Sam is receiving attention and reward for being a leader in good samba playing (a novel experience – he’s usually in trouble for bad behaviour!) and the whole class is on their mettle.

It was great – two classes sounding pretty good. (There was a different “Sam” in the other class, but the technique worked on him/her as well!)

This doesn’t always work. I have another class (not samba, this time) where the only way they can achieve a reasonable level of ensemble is if a certain individual is away, or if I have sent them out. After nearly a whole year I have still not found the way to get them to set aside their own desire to lead, to be in charge, to do their own thing, whatevs.

That person doesn’t seem to care about working together, teamwork, making music together. But I do. For that individual’s sake, for the sake of the class, for the sake of my sanity!

fanfare for the common ant



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Monday 22nd June – Hot Cross Buns

Hot cross buns 1


When teaching “Hot Cross Buns” to beginner recorder groups – well, any beginner woodwind groups, try changing the words to

Hot cross buns 2

“Hot Cross Buns, Hot Cross Buns, THREE-a-penny, two a penny, Hot Cross Buns”

It’s just that if the fingering is “1 2 3,  1 2 3,  3333 2222 11111, 1 2 3″ then the changed words fit the fingering. I’ve found that the children are far more likely to play a “G” on the third line if they sing “3″, rather than repeat the fingering of the first and second lines.

Just a thought – try it and see.

fanfare for the common ant



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Sunday 21st June – Encore, Frere Jacques!

Last week’s sessions on Frere Jacques with boomwhackers worked so well, that I devised a follow-on.

Once again, I divided the class into four teams, but this time allocated 2 each of the boom whackers for C D E F G A, and a couple of note charts for Frere Jacques. The challenge was for each team to learn to play the whole of Frere Jacques, WITHOUT any help from me. Here’s the chart:

  • C   D   E   C
  • C   D   E   C
  • E   F   G
  • E   F   G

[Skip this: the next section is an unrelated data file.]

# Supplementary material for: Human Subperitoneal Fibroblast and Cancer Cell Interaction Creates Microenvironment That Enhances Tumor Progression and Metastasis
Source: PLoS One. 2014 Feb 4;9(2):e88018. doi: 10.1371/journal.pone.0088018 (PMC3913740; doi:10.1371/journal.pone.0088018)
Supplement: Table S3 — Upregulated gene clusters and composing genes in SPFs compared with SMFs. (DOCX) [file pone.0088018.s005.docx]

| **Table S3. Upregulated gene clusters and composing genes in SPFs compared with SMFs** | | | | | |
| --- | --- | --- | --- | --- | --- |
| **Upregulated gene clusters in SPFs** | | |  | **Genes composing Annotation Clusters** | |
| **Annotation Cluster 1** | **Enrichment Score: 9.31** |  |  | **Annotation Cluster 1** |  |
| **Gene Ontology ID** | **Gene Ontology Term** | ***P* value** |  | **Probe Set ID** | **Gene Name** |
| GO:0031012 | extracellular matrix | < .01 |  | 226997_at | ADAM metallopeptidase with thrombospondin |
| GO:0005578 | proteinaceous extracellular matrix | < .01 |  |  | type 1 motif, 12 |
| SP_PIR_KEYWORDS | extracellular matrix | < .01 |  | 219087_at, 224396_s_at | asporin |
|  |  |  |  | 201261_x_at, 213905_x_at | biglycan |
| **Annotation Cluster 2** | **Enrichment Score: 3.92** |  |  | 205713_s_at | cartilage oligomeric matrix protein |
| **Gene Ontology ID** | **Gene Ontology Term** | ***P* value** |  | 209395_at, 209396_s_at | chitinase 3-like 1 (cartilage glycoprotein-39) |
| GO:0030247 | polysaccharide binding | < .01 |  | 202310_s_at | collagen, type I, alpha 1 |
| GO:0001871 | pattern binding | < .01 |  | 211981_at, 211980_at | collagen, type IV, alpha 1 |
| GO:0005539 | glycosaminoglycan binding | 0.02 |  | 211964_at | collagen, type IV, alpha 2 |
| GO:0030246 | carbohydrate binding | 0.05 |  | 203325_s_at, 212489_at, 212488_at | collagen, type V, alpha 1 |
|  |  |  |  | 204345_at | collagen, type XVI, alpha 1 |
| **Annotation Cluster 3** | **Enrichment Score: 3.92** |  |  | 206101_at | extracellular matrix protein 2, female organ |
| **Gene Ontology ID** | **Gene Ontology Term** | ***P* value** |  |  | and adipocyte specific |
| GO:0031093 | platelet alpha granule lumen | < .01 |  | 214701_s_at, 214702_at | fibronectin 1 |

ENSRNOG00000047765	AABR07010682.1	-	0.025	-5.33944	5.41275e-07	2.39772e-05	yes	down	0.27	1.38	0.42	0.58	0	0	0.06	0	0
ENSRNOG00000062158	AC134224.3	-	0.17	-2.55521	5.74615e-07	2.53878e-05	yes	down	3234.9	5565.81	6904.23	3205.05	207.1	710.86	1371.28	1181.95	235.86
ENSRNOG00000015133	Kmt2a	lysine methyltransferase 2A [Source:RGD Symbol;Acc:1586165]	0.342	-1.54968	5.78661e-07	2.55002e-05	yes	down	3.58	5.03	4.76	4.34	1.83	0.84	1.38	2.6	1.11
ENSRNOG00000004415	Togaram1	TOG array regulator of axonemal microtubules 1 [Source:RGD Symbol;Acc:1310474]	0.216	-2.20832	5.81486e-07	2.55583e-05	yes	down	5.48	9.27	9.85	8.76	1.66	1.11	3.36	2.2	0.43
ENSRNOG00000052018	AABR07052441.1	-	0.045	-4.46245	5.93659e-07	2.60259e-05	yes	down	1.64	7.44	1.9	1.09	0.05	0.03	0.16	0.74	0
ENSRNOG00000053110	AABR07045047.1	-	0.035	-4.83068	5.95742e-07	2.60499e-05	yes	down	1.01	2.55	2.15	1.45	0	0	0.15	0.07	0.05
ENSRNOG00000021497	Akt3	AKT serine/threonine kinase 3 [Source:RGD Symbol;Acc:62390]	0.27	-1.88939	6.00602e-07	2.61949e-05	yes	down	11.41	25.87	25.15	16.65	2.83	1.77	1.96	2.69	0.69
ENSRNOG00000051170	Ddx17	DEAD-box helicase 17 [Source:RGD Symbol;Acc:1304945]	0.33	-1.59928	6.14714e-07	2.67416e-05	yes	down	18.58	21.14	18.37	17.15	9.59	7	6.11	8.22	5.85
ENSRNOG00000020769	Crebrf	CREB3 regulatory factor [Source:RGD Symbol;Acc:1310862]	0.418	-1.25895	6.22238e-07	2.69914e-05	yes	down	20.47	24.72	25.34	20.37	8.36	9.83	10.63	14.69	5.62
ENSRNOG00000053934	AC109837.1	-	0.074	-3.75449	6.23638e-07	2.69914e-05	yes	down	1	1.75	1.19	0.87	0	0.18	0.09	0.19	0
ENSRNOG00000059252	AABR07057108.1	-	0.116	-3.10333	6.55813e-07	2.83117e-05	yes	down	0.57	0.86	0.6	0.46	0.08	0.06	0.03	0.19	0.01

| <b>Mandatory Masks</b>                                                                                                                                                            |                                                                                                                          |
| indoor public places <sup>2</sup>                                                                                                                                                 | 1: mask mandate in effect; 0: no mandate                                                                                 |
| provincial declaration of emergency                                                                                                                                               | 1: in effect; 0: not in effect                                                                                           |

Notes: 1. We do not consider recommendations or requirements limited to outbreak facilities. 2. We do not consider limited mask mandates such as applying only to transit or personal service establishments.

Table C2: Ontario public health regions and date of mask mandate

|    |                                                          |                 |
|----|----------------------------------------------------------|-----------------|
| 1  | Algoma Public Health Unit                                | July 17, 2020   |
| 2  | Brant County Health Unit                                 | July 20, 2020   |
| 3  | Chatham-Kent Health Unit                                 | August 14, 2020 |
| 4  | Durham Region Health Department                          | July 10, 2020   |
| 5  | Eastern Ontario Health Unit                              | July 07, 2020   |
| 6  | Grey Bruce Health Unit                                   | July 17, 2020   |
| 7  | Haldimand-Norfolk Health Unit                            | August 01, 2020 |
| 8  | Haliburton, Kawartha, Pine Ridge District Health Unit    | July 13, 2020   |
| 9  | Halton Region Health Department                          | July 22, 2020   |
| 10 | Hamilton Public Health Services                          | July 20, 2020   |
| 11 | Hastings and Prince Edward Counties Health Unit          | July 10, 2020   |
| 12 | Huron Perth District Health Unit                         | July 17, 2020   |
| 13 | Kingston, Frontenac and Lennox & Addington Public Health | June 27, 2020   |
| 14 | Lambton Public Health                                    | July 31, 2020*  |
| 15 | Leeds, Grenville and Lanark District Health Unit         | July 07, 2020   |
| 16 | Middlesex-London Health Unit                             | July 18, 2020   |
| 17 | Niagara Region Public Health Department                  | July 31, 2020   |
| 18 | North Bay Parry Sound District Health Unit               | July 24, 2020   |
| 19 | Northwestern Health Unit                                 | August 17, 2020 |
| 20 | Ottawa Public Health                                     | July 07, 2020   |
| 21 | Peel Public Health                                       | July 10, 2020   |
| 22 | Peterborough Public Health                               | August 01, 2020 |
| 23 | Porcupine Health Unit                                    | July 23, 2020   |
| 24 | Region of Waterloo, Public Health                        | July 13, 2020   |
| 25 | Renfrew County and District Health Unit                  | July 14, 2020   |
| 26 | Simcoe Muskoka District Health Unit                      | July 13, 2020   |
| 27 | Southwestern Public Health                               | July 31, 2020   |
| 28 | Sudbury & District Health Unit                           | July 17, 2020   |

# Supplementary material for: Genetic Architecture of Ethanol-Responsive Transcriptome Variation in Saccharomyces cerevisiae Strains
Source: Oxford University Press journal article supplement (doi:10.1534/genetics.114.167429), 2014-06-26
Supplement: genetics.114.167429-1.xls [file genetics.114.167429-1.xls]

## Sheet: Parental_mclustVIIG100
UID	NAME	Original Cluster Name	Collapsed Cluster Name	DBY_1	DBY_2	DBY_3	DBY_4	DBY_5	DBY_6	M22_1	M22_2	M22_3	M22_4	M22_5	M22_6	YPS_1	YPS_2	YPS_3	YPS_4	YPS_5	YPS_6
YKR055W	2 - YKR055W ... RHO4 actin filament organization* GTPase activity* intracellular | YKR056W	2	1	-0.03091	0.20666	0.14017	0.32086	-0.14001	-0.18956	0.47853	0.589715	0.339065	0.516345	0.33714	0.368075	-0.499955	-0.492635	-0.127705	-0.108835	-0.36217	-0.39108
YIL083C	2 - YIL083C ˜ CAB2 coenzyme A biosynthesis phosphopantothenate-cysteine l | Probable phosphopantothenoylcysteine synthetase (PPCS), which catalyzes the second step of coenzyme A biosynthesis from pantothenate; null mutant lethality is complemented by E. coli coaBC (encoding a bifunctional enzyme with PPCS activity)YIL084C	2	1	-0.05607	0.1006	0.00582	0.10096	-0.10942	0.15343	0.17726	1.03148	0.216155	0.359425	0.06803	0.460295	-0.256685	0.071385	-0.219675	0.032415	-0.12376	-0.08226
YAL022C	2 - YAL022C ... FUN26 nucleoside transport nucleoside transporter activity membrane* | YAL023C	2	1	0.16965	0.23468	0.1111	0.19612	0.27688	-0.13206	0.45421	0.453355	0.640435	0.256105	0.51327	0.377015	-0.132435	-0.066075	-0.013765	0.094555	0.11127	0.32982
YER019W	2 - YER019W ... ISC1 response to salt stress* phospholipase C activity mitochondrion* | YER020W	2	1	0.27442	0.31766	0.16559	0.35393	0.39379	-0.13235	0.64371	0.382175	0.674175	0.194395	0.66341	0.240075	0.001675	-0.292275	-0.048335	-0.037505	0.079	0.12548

• GAGFE   C
  • GAGFE   C
  • C   G   C
  • C   G   C

WARNING – CHAOS AVOIDANCE ALERT – Make sure you do all the explaining how to read the chart (assuming they have forgotten from last time) and instructions BEFORE you divide up the teams and hand out the gear. If you have a well-known system for creating the teams, you may have to pause while several individuals immediately STOP listening to you and START trying to work out which team they will be in and who will be with them. Wait until you are reasonably certain at least 75% of the class know what they are supposed to do before you let them begin.

It was fascinating to see how different groups tackled the task. There were several different approaches, ranging from entirely random to some quite clever allocation of parts.

HINTS –  for line three; if one child has G A and another has G F it all becomes much simpler – also D and A have very little to play, so giving these players another colour as well helps to keep them interested.

After a couple of minutes, each team had a chance to play, and they mostly succeeded well enough that we could all play together as a class, and then – hold your breath and cross your fingers - play it as a four part round!

NOW, here comes the bit I was most pleased with;

If you go through the chart for each letter in turn, you can re-write it in a sort of summary form like this:

  • 1        2        3       4
  • C                 C      C
  •           D
  • E                  E
  •           FF
  • G       G        G
  •     A

In other words, C plays on beats 1, 3 and 4, D plays on beat 2, E plays on beats 1 and 3. F plays a “double beat”  or two quavers on beat 2, G plays beats 1, 2 and 3, and A plays just after beat 1 (but before beat 2)

If each team can manage this new arrangement, it will sound as though they are playing Frere Jacques as a four part round. Once again, having explained what they were supposed to do, I left them to get on with it (apart from going round sorting out disputes, keeping them on task etc.

Out of the nine classes, (three each of year 4, 5 and 6) two teams succeeded without any intervention from me; one group of normally “lively” year 4 boys, and one mixed year 6 team. A couple of teams managed it with a little help.

I was really pleased with this lesson, and also the previous one. I like the (social skills) emphasis on team working and problem solving, as well as the solid (music skills) practical application of reading simple notation and using pulse and rhythm skills.

You could do this on any pitched percussion. Where boomwhackers score is that they can be played without having to look at the instrument, unlike most other pitched percussion instruments.

fanfare for the common ant